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Modern economics is now bankrupt

What we are witnessing, in the broadest sense, is the bankruptcy of modern economics. Its conceit has been that we had solved the problem of stability. Oh, there would be periodic recessions, but the prospects of a major economic collapse were negligible because we knew how the system worked and could take precautionary steps to prevent it.

What's been so unsettling about the present crisis is that it has not conformed to the standard model of business cycles and has not submitted to familiar textbook solutions. A hallmark of the crisis has been the stark contrast between the “real economy” of production and jobs and the tumultuous financial markets of stocks, bonds, banks, money funds and the like.

Even with the 60 percent drop in housing construction, the real economy has so far suffered only modest setbacks. Meanwhile, financial markets verge on hysteria. The question is whether this hysteria will drive the real economy into a deep recession or worse – and what we can do to prevent that.

The word that best epitomizes mainstream “macroeconomics” (the study of the entire economy, not individual markets) is demand. If weak demand left the economy in a slump, government could rectify the situation by stimulating more demand through tax cuts, higher spending or lower interest rates. If excess demand created inflation, government could suppress it by cutting demand through more taxes, less spending or higher interest rates.

But this crisis originated in frightened financial markets. Massive losses on mortgage-related securities caused some financial institutions to fail. As fear spread, financial institutions grew wary of dealing with each other because no one knew who was solvent and who wasn't.

To Treasury Secretary Hank Paulson and Federal Reserve Chairman Ben Bernanke, this financial breakdown now threatens the real economy. Credit markets were freezing, Paulson and Bernanke decided. Panicky investors were shifting from commercial paper to Treasury bills; banks weren't lending to each other. Consumers and firms wouldn't get essential credit.

If you reject that conclusion, then the whole crisis has been a contrived farce. Some economists do; they note that downturns always involve losses and disruptions. This one isn't so different. But many economists agree with Paulson and Bernanke. “If we can't calm down short-term credit markets, we're looking at a pretty severe recession,” says Michael Mussa of the Peterson Institute. “If businesses can't roll over their short-term debt, (they) ask where can we cut back” – firing workers, reducing spending – “to avoid bankruptcy.”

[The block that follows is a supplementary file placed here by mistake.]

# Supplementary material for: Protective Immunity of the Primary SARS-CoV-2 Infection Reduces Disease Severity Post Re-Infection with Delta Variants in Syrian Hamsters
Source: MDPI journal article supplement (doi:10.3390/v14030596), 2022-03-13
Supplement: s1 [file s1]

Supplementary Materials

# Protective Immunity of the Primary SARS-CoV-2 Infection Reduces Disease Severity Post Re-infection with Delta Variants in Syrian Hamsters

Of course, economists recognized that the Federal Reserve should act as a “lender of last resort” and that permitting two-fifths of banks to fail in the 1930s aggravated the Depression. But the creation in 1933 of deposit insurance (now up to $100,000) was thought to prevent most bank runs, and the “lender of last resort” role never anticipated a worldwide financial system that mediated credit not just through banks but also through hedge funds, private equity funds, investment banks and other channels.

Paulson's plan to buy up to $700 billion of impaired securities is wildly unpopular. It may not work and raises many problems. If the government pays too little for the securities, financial failures may mount; if it pays too much, it may create windfall profits for some investors and losses for taxpayers. But Paulson's plan has better prospects to restore confidence by removing suspect securities from balance sheets than suggested alternatives.

The economy will get worse. The harder question is whether financial turmoil heralds an era of instability. Our leaders are making up their responses from day to day because old ideas of how the economy works have failed them. These ideas were not necessarily wrong; but they're grievously inadequate.

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